“It’s important to ensure your financial matters are in order well before you are genetically tested because your results will become part of your medical records,” advises Nathan Peck, CEO of Cure VCP Disease, a patient advocacy group whose mission is discovering a cure for neuromuscular and neurodegenerative diseases like myopathies, dementia, ALS, Parkinson’s, and Charcot-Marie-Tooth disease (CMT), all of which can be caused by a mutation of the valosin-containing protein (VCP) gene.
Nathan, who lives with VCP-associated multisystem proteinopathy (MSP), obtained disability insurance before he was diagnosed. “I purchased a long-term disability insurance policy years before I knew I had the disease or was feeling symptoms,” he explains.
If you’re working, find out if your employer provides disability or other types of insurance among its benefits. “Employer-provided coverage is relatively inexpensive and oftentimes there aren’t any additional requirements, like physicals,” Nathan says. “You just deduct the premium from your paycheck, and you’re good to go.”
But the easiest option might not be the best option, according to Nathan, who notes that employer-provided plans aren’t portable — if you leave your job, you lose your coverage — and, in the case of disability coverage, they typically pay only a fraction of your monthly salary when you file a claim. If you receive Social Security, the policy will usually pay even less.
Commercial policies are not tied to a job and typically offer better benefits. Because they have stricter underwriting guidelines, however, they usually require a physical exam and are only available to individuals who do not have symptoms of or a diagnosis of a genetic disease.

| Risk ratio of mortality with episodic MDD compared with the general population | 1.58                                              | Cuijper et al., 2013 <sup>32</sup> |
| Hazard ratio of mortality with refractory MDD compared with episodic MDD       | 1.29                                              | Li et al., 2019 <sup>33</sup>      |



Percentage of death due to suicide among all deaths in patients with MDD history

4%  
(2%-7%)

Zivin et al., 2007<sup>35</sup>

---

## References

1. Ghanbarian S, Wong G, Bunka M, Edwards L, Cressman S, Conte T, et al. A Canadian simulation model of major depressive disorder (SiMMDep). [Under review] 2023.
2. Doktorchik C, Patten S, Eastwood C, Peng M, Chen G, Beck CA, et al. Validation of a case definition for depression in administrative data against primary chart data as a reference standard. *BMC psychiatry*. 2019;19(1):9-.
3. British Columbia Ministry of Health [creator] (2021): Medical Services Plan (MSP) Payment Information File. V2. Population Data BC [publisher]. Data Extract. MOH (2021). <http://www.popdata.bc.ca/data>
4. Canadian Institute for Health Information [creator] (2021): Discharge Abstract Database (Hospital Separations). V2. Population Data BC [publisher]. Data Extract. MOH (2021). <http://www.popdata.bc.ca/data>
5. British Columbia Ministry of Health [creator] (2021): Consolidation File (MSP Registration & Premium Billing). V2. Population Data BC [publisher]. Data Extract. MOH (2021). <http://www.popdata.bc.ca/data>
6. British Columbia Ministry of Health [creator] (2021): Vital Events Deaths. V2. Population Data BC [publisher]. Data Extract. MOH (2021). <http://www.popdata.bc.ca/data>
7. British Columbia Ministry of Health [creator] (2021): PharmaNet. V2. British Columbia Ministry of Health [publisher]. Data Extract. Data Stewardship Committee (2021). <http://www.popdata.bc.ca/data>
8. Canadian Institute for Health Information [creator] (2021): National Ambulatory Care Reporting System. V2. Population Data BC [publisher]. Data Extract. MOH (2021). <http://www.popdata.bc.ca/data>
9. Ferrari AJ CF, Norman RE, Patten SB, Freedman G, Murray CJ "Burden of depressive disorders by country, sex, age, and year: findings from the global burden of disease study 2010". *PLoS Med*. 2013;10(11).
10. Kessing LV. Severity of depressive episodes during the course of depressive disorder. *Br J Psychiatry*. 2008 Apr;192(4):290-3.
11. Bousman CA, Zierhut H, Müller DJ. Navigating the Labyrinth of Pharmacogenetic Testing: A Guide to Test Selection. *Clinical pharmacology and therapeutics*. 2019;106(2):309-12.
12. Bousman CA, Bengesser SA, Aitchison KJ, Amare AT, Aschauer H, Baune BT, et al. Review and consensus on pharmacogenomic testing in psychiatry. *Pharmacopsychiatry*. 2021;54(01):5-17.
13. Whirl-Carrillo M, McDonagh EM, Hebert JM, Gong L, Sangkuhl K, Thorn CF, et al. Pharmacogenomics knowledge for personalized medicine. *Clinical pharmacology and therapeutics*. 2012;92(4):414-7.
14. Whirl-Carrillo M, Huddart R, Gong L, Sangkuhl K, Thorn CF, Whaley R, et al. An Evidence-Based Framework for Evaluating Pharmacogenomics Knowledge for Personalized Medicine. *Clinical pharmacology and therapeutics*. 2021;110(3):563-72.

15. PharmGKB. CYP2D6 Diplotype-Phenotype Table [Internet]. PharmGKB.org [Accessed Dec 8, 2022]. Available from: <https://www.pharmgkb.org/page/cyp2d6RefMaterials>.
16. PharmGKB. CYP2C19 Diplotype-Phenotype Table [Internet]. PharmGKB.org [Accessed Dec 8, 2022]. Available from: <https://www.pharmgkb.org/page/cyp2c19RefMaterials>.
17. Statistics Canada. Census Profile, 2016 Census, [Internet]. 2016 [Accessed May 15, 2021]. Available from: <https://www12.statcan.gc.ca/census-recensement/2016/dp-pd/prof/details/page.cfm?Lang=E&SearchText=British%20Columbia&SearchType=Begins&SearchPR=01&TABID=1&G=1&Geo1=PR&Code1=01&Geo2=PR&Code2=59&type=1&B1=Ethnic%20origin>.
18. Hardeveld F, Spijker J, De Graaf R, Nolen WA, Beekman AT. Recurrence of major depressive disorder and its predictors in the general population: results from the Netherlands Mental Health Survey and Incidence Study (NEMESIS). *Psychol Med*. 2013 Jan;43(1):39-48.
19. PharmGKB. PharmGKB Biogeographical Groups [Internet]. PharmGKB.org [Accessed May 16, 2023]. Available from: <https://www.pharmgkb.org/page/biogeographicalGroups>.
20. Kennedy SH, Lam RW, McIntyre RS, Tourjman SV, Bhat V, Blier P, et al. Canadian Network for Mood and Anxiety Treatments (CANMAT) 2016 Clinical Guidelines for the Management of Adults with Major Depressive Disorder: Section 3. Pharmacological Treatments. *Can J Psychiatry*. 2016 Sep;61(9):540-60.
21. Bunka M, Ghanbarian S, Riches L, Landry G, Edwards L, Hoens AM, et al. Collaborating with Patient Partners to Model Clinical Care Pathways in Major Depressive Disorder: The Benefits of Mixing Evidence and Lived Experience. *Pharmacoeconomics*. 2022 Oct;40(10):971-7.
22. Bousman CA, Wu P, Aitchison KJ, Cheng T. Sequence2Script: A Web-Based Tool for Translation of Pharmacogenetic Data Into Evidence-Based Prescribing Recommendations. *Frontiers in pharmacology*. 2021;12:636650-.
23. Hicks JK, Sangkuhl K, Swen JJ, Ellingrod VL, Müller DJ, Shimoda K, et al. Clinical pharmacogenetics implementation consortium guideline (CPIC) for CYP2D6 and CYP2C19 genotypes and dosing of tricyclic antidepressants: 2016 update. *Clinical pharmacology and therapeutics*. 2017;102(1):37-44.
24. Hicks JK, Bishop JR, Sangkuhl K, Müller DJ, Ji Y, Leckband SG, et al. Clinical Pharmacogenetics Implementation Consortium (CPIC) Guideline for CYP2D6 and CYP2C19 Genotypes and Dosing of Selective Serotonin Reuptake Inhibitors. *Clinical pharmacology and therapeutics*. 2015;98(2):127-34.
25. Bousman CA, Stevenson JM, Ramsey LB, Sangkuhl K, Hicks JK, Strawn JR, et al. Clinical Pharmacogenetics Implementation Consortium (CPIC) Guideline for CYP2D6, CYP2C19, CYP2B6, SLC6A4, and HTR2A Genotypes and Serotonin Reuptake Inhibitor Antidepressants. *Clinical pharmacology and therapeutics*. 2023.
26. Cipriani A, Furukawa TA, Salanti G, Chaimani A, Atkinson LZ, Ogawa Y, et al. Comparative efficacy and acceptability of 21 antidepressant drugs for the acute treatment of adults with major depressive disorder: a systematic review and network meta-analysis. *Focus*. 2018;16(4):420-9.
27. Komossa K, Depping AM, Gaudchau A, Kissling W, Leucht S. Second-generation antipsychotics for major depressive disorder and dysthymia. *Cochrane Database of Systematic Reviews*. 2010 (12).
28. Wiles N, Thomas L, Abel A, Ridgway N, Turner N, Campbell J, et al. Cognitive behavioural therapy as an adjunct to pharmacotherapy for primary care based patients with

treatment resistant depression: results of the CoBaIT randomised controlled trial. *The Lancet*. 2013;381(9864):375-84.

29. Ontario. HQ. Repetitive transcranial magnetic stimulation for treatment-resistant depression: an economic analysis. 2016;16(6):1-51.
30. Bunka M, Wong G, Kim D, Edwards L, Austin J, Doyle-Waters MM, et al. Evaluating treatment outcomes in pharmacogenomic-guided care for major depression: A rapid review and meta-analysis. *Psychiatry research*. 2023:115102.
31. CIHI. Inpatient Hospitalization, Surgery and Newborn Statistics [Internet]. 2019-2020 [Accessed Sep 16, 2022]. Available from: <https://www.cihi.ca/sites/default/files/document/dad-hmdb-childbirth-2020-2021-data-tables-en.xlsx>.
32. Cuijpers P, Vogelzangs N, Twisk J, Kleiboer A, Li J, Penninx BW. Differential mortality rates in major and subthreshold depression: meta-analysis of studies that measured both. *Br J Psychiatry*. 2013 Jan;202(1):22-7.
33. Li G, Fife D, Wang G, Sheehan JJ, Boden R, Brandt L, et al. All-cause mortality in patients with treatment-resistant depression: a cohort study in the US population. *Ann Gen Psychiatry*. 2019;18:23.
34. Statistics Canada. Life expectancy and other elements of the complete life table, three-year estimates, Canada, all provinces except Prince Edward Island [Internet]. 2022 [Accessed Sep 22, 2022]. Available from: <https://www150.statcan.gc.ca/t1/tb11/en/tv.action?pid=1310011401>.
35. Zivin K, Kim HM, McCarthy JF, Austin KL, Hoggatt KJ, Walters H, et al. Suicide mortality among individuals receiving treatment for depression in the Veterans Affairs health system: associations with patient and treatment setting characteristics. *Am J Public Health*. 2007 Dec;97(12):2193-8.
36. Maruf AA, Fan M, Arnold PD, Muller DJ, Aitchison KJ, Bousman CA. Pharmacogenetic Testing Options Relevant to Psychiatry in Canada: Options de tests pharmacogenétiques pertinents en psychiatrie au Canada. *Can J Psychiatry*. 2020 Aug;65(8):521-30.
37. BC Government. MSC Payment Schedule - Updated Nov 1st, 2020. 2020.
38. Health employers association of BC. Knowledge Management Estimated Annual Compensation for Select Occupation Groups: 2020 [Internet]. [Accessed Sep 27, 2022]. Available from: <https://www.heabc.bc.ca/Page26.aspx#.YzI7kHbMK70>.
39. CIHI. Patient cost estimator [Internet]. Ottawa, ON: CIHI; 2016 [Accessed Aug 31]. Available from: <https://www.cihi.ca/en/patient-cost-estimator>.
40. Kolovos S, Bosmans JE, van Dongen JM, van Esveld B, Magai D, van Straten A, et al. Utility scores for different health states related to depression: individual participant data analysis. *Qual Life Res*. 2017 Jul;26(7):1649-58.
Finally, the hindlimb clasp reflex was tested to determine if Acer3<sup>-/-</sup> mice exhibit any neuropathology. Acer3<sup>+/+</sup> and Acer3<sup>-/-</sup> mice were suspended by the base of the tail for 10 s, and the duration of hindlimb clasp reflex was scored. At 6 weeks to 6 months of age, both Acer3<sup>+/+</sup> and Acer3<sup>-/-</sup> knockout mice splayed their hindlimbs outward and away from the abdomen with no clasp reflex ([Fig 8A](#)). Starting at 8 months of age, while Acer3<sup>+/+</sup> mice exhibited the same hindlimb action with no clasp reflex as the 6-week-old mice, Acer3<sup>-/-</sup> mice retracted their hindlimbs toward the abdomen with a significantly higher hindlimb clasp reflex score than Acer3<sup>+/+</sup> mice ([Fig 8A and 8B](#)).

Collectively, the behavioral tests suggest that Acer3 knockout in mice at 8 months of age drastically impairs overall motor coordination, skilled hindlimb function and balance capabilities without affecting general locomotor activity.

Individuals who have already gotten a genetic test, or even a genetic diagnosis, can still apply for coverage. “You might have to pay more or settle for a less reputable insurance company, but it’s still possible,” Nathan says.
Your genetic counselor may be able to help you navigate your options. In addition, the MDA Resource Center can provide resources related to genetic testing, healthcare, and insurance. (Call 833-ASK-MDA1 or email ResourceCenter@mdausa.org.)
When it comes down to it, your decision to get genetic testing should be based on what is best for you and your family’s health. By understanding the rights that you do and do not have regarding your genetic status, you can plan your healthcare and your finances in ways that safeguard both.
Matt Alderton is a Chicago-based freelance writer who frequently covers health and transportation.
Disclaimer: No content on this site should ever be used as a substitute for direct medical advice from your doctor or other qualified clinician.